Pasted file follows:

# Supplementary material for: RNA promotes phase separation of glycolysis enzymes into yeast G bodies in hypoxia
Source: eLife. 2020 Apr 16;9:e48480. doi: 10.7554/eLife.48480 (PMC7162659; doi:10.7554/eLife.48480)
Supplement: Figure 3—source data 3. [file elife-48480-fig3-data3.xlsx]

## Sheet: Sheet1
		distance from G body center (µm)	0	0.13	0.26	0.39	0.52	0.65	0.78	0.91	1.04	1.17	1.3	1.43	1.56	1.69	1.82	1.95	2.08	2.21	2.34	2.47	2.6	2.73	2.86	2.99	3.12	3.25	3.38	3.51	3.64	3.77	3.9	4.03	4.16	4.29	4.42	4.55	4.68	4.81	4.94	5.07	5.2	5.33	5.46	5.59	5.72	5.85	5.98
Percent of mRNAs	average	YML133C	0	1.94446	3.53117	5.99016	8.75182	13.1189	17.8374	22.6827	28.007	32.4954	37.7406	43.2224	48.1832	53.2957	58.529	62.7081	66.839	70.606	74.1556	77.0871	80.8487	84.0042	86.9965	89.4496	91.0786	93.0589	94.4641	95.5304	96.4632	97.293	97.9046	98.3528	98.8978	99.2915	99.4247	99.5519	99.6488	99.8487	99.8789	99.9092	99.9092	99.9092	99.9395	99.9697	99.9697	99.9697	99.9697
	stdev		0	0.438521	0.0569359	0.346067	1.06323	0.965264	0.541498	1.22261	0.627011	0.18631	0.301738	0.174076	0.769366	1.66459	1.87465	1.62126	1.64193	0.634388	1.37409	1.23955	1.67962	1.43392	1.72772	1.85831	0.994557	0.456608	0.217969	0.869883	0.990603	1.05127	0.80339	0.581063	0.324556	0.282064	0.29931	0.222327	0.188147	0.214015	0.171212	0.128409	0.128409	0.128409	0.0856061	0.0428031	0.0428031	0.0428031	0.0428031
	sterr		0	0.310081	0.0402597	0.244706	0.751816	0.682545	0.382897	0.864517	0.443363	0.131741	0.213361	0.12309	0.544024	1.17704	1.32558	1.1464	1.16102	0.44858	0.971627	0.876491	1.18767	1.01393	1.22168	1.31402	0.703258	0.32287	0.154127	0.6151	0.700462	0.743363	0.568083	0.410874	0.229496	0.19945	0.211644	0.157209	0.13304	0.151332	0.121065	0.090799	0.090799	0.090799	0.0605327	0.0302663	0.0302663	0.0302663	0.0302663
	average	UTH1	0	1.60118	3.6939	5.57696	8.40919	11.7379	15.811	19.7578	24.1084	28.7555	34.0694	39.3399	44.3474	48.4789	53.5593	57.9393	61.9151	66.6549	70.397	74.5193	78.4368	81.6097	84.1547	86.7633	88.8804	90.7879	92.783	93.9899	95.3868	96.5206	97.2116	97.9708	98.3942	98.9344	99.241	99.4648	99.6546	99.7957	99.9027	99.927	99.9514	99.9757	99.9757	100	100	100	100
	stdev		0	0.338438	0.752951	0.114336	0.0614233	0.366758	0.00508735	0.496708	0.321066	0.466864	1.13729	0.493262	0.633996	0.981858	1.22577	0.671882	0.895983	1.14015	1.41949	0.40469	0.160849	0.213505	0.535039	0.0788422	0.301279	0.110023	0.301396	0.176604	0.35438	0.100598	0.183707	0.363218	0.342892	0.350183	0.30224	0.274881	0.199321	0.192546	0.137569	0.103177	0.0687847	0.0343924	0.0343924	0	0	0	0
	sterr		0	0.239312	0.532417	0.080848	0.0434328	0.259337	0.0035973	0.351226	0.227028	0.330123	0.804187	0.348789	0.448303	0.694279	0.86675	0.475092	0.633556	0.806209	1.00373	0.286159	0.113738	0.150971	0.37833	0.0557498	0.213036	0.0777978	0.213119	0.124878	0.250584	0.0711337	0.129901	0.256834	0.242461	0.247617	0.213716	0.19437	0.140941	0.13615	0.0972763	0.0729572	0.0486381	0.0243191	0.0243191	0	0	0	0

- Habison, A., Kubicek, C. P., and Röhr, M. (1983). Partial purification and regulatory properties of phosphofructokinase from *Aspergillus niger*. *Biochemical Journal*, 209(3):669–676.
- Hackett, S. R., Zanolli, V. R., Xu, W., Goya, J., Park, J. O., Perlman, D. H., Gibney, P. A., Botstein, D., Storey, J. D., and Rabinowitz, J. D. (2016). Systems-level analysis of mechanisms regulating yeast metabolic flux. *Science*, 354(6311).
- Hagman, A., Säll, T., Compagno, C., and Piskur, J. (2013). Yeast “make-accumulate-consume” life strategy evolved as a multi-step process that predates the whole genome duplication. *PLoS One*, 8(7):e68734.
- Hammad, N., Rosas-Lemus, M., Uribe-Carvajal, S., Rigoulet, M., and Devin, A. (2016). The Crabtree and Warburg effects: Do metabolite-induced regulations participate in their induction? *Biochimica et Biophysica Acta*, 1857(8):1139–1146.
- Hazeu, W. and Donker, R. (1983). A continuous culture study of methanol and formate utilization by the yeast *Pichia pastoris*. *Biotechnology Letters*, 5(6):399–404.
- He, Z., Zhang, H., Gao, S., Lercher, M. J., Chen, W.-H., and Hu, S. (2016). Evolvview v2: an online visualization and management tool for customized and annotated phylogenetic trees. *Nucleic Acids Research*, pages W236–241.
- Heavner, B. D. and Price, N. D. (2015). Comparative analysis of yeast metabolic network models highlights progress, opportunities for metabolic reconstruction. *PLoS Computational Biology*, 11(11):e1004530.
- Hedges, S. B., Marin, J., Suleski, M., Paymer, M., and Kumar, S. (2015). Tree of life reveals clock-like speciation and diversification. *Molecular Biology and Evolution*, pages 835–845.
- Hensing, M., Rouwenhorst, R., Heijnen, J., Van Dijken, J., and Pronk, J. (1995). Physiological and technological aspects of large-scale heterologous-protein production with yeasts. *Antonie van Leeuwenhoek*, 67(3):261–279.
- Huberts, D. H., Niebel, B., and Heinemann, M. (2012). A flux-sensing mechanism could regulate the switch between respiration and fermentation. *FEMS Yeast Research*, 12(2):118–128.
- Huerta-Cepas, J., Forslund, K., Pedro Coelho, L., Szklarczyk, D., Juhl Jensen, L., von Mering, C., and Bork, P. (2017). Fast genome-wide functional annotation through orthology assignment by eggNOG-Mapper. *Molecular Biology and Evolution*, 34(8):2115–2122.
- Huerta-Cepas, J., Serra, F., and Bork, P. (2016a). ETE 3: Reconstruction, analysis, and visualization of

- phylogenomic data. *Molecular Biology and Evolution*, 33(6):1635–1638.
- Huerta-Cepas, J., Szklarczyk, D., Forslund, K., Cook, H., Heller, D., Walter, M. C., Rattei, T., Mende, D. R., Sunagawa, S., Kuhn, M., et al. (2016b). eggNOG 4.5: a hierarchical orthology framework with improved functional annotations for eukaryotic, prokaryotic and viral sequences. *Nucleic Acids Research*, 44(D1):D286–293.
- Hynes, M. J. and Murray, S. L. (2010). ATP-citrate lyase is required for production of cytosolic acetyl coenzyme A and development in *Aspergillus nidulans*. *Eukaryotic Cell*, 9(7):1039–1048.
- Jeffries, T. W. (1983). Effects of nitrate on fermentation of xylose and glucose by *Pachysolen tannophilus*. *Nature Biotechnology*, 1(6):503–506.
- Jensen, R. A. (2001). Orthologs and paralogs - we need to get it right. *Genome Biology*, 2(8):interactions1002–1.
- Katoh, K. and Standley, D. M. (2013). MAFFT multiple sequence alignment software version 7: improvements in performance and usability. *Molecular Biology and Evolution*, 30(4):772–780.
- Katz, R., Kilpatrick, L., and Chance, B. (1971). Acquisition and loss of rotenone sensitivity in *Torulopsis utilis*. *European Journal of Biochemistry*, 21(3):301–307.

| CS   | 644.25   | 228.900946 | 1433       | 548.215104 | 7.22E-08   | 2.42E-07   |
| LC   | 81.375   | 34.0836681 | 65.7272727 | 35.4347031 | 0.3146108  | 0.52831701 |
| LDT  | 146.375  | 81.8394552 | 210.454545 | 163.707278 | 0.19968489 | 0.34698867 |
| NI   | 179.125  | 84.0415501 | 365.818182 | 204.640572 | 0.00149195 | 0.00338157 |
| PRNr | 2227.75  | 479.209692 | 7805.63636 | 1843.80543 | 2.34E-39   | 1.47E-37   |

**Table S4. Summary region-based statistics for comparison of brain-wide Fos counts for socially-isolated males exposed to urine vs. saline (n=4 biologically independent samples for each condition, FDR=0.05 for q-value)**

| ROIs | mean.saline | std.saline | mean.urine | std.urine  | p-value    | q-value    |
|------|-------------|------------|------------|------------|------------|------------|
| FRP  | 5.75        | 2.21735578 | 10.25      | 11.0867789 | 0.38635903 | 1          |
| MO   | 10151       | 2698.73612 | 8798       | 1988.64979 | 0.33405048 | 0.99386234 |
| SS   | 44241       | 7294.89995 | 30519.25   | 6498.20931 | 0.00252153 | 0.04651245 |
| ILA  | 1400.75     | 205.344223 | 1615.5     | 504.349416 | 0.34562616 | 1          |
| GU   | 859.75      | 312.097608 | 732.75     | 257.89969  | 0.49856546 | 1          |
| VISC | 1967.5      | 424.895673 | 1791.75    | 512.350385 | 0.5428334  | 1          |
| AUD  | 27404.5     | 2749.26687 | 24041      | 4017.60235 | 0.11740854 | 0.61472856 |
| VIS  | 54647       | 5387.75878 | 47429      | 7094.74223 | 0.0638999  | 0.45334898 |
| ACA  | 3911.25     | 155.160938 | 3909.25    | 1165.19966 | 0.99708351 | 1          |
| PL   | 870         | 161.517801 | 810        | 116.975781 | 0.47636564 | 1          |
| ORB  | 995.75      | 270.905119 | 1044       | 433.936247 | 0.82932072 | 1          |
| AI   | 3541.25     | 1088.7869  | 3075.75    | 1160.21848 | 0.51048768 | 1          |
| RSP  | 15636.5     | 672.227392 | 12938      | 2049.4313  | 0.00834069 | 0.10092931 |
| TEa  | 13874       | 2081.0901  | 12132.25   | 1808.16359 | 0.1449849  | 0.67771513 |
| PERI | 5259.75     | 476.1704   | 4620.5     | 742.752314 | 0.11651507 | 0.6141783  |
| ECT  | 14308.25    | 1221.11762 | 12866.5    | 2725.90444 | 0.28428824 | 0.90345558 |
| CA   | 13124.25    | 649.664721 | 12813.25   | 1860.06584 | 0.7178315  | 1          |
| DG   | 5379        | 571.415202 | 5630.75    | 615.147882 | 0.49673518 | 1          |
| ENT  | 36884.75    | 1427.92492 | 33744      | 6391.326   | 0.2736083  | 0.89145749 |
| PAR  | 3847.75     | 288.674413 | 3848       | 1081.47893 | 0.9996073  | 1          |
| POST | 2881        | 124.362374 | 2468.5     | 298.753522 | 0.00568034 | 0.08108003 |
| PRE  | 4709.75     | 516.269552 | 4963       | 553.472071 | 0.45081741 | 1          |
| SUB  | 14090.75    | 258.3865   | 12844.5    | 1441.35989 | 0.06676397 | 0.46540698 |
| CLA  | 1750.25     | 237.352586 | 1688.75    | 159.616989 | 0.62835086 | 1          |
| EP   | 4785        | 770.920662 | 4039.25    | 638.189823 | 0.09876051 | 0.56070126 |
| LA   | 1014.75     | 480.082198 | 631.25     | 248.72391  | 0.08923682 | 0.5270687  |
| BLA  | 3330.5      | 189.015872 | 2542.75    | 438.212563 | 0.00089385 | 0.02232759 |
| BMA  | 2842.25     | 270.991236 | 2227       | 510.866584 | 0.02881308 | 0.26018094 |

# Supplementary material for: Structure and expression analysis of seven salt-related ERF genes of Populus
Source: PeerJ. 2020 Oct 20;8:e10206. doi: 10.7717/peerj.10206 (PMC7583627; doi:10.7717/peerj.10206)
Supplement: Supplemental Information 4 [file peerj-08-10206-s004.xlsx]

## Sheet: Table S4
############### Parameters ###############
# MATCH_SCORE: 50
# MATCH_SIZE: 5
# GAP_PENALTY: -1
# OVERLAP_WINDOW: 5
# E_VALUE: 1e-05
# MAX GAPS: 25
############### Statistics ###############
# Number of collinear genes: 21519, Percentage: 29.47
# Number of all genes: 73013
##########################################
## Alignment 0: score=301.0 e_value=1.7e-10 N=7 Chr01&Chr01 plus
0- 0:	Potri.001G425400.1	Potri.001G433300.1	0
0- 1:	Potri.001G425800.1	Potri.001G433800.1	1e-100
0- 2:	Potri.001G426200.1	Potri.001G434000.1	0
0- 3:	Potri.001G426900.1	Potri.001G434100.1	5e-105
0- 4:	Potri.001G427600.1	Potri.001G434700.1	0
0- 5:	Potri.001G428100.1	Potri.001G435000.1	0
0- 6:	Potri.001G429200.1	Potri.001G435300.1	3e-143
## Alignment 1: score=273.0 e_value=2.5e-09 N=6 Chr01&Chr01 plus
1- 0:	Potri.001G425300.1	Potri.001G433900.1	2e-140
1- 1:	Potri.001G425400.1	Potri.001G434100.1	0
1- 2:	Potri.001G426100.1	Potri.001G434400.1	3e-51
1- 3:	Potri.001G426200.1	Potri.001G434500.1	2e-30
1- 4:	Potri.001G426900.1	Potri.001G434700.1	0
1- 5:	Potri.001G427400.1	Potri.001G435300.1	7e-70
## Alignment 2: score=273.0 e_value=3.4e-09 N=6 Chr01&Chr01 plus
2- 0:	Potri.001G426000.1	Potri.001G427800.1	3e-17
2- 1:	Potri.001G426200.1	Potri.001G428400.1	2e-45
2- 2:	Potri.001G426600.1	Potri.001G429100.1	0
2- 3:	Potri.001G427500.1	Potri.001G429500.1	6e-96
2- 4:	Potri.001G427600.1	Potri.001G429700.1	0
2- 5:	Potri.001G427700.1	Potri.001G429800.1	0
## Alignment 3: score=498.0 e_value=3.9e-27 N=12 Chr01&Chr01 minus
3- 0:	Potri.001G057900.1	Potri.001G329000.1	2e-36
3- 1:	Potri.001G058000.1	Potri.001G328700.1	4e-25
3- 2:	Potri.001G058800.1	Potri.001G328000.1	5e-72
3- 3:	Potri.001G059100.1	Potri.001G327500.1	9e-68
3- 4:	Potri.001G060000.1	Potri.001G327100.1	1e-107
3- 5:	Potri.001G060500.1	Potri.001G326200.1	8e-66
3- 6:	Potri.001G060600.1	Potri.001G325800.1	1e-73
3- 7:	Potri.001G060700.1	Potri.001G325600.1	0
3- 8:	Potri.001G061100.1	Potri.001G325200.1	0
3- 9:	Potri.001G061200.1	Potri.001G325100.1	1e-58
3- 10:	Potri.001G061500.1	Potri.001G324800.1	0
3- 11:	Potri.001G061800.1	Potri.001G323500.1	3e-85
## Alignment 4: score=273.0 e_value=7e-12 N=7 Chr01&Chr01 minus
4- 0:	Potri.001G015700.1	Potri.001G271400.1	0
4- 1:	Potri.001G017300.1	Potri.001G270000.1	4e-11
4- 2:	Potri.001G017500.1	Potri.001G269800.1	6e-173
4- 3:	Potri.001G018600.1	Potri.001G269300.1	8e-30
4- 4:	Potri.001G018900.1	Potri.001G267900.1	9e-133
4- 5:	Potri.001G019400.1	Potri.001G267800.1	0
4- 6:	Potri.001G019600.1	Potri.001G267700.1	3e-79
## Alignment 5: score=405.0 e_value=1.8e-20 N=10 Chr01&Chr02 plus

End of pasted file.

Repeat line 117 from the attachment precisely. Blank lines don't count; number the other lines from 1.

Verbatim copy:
## Alignment 4: score=273.0 e_value=7e-12 N=7 Chr01&Chr01 minus